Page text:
That's been the case for Adam Lowenstein, owner of Good Time Charley's, a staple sports bar for college students in Ann Arbor, Michigan since 1979. Ann Arbor is home to the University of Michigan with more than 45,000 students including graduate and professional students. The school plans to resume some of its in-person classes in the fall and abbreviate the semester by taking classes online after Thanksgiving. As for the winter semester, classes won't return until after MLK weekend.
Prior to the coronavirus, Lowenstein said Good Time Charley's didn't offer take-out or delivery options, but he quickly connected with delivery platforms in an effort to remain viable even if it meant taking on additional expenses.
"It's like starting a new business," Lowenstein said.
But Lowenstein says there's more to consider than just the financial side of the business — there are also the social aspects.
"Charley's is super important to the University of Michigan and Michigan students in general in terms of the culture," Lowenstein said. "Those businesses, those locations, are iconic and important and meaningful to people, probably in a way that once you move somewhere permanently you really can never create because it's so tied to a time in your life," Lowenstein added.
Creating a space for students and customers to relax and hang out beyond work and home environments was the main impetus for the creation of The Carriage House Café, a staple restaurant in Ithaca, New York between Cornell University and Ithaca College, two schools with a combined student population of over 30,000.
The Carriage House Café is a family-run business operated out of a 150-year-old restored carriage house. Aaron Chandler, a manager of the restaurant and son of the restaurant's owner and founder, said that the pandemic was a catalyst for shutting down the business.
"We just lost everything overnight," Chandler said.
Chandler and his family planned to eventually sell the building but wanted to run the business as normal until they found a buyer. But when the pandemic struck, that plan changed.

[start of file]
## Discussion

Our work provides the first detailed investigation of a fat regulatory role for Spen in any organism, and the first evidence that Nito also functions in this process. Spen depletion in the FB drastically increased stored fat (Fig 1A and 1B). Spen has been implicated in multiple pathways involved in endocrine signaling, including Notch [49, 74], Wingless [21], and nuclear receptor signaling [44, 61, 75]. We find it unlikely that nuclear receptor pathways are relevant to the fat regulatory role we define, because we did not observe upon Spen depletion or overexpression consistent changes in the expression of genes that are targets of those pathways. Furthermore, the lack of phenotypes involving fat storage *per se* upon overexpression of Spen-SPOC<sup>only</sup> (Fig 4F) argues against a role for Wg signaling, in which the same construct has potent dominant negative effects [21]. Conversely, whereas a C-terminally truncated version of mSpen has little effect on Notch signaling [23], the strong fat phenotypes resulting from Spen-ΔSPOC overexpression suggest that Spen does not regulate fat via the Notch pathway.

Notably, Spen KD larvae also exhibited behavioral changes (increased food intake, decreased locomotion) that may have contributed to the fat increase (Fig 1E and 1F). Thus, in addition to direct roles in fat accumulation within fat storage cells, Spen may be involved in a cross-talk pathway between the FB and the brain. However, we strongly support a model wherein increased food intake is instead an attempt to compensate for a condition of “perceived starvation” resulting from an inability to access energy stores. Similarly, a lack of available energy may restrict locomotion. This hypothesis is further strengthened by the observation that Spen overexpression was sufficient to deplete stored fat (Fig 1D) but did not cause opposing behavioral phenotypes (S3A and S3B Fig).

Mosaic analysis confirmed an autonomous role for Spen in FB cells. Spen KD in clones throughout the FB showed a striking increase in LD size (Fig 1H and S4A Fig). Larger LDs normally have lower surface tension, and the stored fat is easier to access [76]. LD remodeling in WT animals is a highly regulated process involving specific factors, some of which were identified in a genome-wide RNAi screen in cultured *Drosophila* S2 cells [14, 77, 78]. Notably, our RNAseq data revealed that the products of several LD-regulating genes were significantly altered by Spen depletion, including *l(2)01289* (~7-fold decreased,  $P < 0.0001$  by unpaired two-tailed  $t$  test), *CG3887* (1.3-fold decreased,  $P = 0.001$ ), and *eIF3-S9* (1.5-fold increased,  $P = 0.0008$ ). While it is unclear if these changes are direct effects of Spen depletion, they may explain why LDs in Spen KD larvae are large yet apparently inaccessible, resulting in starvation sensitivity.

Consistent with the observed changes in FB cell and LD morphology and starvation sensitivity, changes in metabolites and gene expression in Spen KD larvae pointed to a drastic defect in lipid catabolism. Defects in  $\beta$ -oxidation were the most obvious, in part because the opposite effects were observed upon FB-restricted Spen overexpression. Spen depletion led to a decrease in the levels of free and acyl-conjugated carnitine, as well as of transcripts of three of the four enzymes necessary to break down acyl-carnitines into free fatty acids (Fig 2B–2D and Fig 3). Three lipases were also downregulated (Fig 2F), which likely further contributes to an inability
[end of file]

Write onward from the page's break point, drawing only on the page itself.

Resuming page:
"One of the main reasons people come to us, into our businesses, is because of the atmosphere and the building itself, and the cozy feeling," he said.
Without the ability to share its atmosphere, The Carriage House Café struggled. Chandler and his family adapted the business the best way they could for takeout and delivery, but once schools celebrated graduation, what had already been slower-than-usual business ground to a halt and the decision was made to close the business.
Although, silver linings could be on the horizon for other businesses remaining in Ithaca as Cornell University announced this week that students would return to campus beginning September 2 for in-person classes.
But the loss of businesses like The Carriage House Café not only creates financial struggles for owners, employees, and vendors but leaves a hole in the community, eroding the town's economic strength and communal camaraderie.
Colleges and universities fuel financial growth in their towns as much as educational growth. Without the presence of students this fall, or if schools operate under reduced capacities, more small businesses are sure to suffer.
"We don't really know what the future holds for everyone," Chandler said. "I mean it initially hit restaurants first. We're the ones with all the people, we're social and all that stuff. I do fear as the restaurant industry kind of dwindles how many other people that it affects as well. You know, we have our suppliers. It's going to be a chain reaction."